Jamaica Kincaid’s “Girl” represents a stereotypical women’s role and so called “life” in the nineteenth century. The sample text involves a mother ranting to her daughter about what her responsibilities in life are and what it takes to be a proper woman instead of a “slut”. This literary work is a great example when perceiving the nineteenth century woman by establishing a set image and role that each women should follow in order to be accepted in society. The feminist criticism allows one to analyze the text to co-inside with this theory because it “seeks to restify sexist discrimination and inequalities.”(25) We can see that this female writer incorporated personal experience and historical context when writing this literary piece. There are distinct economic, political and professional realities displayed in the text.
Although many women of this era quietly took their place in society as expected it is very likely that they too went through an internal struggle with this shift in their role from innocent child to a subservient housewife. The symbol of the husband’s hand in this story represents this nameless woman as well as countless other women of her time and their struggle with male dominance as they transition into society’s version of a good wife. The wife first notices the hand as her new husband is sleeping on her shoulder and it seems to symbolize a trophy as she recounts all the things she admires about him in a child like manor, “To meet a handsome, blonde young man, recently widowed, good at tennis and rowing”. To her this hand represents the fairy tale of marriage dreamed of by many young girls. This phase is what most people refer to as the honeymoon phase.
The Cousin Obed Ramotswe’s cousin had a good influence on Precious Ramatswe. Throughout the novel we learn how strong their relationship was and how the cousin helped her to develop. The cousin was married, but when her husband found out she could not have children they divorced. She went to live with her mother in a very small three-walled room. Her mother was very disappointed in her and treated her without respect or caring.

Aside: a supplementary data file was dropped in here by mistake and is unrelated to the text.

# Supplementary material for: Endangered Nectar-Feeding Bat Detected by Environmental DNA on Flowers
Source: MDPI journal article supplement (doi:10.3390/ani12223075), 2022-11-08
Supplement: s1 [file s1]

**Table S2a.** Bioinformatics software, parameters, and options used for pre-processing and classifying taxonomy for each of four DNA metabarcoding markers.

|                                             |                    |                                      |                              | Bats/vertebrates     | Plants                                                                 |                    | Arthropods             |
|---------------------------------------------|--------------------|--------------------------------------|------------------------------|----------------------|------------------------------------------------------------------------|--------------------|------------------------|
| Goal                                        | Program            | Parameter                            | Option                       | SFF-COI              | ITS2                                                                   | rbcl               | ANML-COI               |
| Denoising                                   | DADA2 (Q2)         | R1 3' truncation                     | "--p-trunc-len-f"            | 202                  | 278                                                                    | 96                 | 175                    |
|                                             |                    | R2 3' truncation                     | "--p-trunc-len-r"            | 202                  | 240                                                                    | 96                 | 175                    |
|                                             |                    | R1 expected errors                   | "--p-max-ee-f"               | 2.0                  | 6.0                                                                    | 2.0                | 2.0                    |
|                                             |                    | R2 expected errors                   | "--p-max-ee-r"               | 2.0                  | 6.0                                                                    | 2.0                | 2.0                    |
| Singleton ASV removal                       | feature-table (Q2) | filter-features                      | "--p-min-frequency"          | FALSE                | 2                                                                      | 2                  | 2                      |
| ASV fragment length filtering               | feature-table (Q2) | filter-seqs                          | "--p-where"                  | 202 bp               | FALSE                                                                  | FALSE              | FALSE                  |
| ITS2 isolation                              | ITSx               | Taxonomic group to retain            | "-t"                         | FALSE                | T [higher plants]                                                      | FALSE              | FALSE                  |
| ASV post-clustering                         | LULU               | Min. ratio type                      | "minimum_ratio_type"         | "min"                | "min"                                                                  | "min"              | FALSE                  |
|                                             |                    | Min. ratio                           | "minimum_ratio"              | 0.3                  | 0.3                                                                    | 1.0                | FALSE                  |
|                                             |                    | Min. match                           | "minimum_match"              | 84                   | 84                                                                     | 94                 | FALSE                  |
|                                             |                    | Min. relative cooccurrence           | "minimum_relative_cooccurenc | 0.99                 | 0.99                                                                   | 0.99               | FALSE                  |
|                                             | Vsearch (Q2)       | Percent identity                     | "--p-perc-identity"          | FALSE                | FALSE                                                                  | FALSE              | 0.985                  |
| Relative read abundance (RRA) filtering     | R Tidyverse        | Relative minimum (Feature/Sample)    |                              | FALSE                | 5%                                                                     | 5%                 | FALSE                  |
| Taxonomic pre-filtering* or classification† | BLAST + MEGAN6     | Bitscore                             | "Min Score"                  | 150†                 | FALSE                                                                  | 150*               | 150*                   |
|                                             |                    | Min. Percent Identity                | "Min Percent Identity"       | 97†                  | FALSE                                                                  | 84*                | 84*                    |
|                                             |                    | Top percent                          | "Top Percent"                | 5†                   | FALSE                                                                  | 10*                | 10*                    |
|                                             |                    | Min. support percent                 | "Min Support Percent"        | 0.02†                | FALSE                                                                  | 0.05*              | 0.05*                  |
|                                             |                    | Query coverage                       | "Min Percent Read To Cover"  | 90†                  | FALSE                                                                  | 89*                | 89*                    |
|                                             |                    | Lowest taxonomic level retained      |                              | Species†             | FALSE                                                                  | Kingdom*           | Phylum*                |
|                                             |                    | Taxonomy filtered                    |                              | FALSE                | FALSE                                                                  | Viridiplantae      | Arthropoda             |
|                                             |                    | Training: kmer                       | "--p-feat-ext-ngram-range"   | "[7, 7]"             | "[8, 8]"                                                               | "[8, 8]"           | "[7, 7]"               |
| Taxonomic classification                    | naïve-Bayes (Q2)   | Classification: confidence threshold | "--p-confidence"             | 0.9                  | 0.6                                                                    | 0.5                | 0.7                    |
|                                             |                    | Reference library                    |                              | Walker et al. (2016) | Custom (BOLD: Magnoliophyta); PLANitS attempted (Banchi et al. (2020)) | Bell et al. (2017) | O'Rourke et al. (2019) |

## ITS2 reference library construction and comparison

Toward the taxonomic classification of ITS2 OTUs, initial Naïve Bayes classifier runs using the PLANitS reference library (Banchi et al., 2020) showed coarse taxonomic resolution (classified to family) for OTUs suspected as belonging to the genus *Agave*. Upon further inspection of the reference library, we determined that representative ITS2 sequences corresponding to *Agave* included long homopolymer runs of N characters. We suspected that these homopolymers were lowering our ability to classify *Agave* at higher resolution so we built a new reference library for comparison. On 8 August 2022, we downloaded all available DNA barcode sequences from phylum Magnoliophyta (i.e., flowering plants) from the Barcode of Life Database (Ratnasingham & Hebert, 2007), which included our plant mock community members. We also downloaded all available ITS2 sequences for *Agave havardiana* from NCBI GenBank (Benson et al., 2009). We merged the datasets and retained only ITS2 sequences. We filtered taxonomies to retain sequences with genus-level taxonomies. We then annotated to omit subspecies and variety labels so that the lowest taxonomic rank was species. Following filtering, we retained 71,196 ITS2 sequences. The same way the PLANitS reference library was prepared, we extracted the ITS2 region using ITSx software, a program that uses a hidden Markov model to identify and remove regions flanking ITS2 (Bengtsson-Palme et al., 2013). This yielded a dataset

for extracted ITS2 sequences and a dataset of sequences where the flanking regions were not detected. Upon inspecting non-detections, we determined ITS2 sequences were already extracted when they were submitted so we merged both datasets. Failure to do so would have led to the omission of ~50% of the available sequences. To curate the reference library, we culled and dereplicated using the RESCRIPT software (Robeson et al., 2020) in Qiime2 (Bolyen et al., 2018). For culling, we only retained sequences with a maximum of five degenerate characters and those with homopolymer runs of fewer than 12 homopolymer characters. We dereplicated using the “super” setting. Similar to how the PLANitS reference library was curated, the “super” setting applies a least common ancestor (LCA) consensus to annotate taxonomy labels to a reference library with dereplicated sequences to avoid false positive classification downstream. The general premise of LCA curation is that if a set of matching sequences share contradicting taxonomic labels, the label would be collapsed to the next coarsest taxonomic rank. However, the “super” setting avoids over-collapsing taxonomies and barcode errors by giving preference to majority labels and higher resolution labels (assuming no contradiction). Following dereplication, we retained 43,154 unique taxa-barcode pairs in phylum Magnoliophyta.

Jule was a poor orphan from early on in her life. Also unlike most feminine main characters Jule is very strong and independent. Her parents died while she was very young leaving her to fend for herself. Luckily Jule is a fighter, and learns how to take care of herself. Jule becomes a social chameleon and learns how to deceive everyone.
Chopin’s Insight into the Future Kate Chopin’s works were unusual and admired pieces of literature before their time. This is because she grew up differently than other women. Her father died when she was young and she was surrounded by her mother, grandmother, and great-grandmother. These women were all widows and helped to instill independence into her life. Because of this independence Chopin wrote about topics that would not become issues until years later.
It is other factors such as age and location that contribute to the relationship and determine the level of closeness. Emily’s lack of emotion towards her mother can be attributed to a number of issues in her youth. Since Emily was born, her mother had been working diligently to support the family. To make matters worse, she was only nineteen when Emily was born. Her husband left early on in Emily’s life and her mother was forced to leave her with friends or send her to day care.